In your Washington Post op-ed you referred to “moving the needle” for AAPI representation with the mainstream success you were able to find. What do you feel like it took to push the needle in the way that you were able to?
Every ounce of willpower and persistence that one can have. I think when you do move the needle, or you do interact with the people and the career that you want to go towards, you are going to be the first to get cut by the thorns and the bushes. You will also therefore be standing in front of the spotlight to be criticized and to be somewhat crucified. And you have to be OK with that.
To me, the experience of doing [the] work and the people that I interact with — that’s what I take away. There’s something wonderful about it, because you’re stepping into the snow for the first time. And I’m not alone in that. There are people that have been doing that before me, and the snow keeps coming down and then the tracks keep getting covered, but you just keep going forward.
Did you know that recently you became somewhat of a feminist icon when a story about you standing up to Bill Murray on the set of “Charlie’s Angels” went viral? What do you remember about that?
I feel like some of those stories are private. ... But I will say, when we started to rehearse this scene, which was all of us in the agency, we had taken the weekend to rework that particular scene and Bill Murray was not able to come because he had to attend some family gathering. So it was everyone else, and we just made the scene more fluid. I wish I had more to do with it but I didn’t, because I was the last one cast and I probably had the least amount of privilege in terms of creatively participating at that time. ...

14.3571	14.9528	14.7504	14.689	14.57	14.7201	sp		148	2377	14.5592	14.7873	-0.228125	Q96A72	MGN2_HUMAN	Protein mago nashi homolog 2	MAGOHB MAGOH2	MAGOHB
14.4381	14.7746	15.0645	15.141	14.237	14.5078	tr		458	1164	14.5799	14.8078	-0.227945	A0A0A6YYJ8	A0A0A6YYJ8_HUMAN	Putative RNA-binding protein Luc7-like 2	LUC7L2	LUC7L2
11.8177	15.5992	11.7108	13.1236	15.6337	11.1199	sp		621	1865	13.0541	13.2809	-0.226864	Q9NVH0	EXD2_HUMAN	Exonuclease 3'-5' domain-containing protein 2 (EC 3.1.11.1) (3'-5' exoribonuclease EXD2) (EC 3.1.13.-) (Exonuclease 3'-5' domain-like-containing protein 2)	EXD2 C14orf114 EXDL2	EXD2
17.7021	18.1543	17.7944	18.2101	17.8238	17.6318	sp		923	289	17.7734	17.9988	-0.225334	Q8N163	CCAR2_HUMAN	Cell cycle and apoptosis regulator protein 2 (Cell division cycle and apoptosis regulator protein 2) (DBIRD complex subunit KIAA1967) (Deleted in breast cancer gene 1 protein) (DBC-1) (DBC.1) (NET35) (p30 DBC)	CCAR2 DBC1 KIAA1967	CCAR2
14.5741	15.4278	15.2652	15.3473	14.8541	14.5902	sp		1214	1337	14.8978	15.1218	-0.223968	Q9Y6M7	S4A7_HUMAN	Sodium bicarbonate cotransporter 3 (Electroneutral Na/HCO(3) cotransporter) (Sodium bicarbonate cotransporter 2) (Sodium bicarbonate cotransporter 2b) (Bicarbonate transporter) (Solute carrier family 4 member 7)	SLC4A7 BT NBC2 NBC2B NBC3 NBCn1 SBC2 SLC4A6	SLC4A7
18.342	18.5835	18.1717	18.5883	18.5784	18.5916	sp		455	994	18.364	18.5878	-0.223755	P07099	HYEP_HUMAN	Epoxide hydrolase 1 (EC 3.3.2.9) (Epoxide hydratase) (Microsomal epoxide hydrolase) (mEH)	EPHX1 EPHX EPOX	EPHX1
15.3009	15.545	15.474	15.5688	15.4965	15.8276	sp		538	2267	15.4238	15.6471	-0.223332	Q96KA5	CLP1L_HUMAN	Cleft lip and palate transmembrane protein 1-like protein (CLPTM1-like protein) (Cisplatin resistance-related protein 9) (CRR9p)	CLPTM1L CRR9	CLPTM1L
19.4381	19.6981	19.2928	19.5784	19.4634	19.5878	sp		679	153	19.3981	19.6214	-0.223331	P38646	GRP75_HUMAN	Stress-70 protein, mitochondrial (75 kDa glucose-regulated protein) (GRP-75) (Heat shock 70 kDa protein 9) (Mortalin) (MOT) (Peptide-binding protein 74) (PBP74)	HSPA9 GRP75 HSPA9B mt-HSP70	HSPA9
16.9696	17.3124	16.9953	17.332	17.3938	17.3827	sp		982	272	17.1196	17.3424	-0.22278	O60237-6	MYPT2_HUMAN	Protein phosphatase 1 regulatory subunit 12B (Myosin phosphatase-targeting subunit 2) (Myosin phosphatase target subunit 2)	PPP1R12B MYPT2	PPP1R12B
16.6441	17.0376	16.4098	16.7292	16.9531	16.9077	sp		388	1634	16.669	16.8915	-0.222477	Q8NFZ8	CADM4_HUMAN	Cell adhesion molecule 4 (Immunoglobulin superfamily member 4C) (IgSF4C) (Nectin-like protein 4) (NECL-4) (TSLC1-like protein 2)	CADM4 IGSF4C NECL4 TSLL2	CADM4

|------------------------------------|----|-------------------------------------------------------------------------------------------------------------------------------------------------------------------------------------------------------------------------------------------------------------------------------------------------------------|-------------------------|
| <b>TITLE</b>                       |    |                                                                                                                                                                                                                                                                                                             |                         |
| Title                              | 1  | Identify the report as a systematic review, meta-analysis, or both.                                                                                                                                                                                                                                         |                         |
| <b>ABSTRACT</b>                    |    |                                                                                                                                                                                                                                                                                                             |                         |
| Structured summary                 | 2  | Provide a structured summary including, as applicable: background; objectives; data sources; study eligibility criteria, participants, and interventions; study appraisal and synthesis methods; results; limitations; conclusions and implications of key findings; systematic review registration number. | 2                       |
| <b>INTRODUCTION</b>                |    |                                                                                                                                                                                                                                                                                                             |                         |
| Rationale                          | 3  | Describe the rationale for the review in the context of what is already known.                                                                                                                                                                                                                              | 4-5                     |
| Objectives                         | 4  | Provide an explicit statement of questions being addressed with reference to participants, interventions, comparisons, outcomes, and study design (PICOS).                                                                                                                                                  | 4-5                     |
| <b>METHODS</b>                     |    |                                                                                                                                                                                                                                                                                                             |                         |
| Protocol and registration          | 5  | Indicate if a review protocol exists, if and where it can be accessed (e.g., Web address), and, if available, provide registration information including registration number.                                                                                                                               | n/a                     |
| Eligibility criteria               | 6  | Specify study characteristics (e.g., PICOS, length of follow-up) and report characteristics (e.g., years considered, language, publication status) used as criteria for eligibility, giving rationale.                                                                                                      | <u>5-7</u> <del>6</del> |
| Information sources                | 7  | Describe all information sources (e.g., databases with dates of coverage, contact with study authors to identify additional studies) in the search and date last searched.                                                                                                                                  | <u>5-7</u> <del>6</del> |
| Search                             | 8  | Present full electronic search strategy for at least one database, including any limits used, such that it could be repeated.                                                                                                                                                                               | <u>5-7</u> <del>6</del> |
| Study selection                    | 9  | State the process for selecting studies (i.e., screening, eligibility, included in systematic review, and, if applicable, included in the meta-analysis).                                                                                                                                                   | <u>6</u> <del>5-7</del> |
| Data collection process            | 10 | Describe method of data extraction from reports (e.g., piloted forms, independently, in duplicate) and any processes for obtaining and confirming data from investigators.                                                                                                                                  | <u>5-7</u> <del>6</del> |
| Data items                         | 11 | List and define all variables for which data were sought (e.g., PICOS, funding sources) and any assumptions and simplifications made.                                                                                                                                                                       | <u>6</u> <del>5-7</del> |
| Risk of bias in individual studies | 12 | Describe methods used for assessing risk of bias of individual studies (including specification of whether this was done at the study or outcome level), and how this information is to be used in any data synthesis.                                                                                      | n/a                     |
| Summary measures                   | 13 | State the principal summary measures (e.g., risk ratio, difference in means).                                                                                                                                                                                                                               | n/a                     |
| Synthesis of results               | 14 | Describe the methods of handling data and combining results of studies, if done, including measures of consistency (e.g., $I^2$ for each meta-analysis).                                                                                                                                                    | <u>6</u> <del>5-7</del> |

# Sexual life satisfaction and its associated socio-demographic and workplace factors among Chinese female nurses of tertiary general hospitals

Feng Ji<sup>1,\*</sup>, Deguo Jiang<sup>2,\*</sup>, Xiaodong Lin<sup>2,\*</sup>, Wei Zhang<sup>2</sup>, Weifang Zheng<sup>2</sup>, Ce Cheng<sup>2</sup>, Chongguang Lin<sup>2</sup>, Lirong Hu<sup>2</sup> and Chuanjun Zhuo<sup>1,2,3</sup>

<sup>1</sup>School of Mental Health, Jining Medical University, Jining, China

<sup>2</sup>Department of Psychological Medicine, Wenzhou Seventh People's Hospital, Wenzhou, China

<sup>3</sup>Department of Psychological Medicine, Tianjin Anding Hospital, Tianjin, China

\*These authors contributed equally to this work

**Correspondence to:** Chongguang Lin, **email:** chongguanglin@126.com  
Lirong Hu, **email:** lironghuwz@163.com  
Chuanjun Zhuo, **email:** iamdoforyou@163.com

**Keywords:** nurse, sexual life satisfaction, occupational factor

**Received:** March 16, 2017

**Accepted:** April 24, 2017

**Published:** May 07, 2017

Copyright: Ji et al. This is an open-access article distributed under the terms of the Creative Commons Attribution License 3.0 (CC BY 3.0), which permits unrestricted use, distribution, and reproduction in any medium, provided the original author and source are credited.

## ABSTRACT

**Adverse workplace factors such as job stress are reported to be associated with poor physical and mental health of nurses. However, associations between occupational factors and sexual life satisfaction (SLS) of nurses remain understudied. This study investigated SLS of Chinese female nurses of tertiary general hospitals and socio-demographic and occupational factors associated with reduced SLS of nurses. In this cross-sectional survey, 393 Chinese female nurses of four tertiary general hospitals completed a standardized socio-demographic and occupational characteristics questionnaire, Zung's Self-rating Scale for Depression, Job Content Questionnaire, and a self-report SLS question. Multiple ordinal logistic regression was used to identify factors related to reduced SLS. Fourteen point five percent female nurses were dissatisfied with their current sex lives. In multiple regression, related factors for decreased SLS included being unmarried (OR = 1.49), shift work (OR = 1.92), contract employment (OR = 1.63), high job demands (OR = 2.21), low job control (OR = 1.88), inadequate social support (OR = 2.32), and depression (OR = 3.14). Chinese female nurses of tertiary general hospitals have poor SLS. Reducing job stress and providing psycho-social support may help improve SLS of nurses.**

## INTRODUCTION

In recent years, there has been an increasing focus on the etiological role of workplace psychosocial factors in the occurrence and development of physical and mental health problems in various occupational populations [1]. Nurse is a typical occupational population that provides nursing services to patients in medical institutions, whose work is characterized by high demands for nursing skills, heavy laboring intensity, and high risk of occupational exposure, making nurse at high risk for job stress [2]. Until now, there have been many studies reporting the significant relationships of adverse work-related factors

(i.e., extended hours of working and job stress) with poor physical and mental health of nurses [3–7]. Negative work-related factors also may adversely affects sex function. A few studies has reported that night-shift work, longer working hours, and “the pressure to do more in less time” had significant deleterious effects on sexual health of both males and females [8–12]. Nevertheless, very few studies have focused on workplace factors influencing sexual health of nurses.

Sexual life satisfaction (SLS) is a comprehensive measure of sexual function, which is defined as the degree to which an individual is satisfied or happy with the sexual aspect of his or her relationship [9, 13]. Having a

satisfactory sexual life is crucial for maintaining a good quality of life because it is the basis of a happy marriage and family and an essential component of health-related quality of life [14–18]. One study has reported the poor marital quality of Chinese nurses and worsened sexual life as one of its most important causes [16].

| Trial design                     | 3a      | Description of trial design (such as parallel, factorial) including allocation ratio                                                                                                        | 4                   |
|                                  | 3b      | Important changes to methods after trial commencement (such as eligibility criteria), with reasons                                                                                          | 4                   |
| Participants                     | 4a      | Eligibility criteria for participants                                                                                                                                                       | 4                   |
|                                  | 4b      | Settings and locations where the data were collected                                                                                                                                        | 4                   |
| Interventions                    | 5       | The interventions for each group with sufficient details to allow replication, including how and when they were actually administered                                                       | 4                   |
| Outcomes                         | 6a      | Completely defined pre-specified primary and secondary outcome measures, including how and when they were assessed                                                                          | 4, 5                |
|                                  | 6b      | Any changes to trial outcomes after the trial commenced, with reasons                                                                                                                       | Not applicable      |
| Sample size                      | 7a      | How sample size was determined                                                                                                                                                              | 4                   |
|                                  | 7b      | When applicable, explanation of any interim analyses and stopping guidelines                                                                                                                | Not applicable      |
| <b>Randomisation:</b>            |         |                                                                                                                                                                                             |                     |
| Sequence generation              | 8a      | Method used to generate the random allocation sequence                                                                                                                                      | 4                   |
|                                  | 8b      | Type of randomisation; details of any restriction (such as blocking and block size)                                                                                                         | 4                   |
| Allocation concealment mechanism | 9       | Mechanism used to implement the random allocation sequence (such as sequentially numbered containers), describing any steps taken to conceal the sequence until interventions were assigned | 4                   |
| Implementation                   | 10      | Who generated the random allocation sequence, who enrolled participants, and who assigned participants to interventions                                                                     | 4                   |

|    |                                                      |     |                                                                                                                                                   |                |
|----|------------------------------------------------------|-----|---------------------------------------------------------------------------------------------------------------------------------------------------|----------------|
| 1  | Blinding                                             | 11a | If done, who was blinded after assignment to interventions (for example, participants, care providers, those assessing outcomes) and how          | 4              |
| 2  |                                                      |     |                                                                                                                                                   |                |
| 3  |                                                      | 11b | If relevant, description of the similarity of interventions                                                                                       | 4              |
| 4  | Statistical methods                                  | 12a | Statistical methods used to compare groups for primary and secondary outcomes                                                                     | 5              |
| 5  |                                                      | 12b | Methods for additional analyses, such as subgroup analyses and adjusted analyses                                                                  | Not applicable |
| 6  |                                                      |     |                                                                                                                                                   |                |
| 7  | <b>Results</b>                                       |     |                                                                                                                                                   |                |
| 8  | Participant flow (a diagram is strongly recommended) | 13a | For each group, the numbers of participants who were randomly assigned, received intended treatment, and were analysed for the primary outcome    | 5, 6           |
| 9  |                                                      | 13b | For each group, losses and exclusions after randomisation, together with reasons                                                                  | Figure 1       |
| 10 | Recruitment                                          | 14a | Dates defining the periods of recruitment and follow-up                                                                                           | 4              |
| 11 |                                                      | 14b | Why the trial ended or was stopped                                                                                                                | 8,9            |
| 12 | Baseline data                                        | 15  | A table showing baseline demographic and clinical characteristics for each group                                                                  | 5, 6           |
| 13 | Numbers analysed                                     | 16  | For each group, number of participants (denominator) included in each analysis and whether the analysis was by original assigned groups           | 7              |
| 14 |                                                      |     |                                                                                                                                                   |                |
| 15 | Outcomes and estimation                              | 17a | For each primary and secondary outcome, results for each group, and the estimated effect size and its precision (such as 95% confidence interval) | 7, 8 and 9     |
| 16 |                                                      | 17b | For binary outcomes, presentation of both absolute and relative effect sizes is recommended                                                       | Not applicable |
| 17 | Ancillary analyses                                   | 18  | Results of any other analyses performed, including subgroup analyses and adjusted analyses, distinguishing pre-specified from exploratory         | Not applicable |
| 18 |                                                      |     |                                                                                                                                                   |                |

As we’re doing the scene, Bill starts to sort of hurl insults, and I won’t get into the specifics, but it kept going on and on. I was, like, “Wow, he seems like he’s looking straight at me.” I couldn’t believe that [the comments] could be towards me, because what do I have to do with anything majorly important at that time? I literally do the look around my shoulder thing, like, who is he talking to behind me? I say, “I’m so sorry. Are you talking to me?” And clearly he was, because then it started to become a one-on-one communication.
Some of the language was inexcusable and unacceptable, and I was not going to just sit there and take it. So, yes, I stood up for myself, and I don’t regret it. Because no matter how low on the totem pole you may be or wherever you came from, there’s no need to condescend or to put other people down. And I would not stand down, and nor should I have.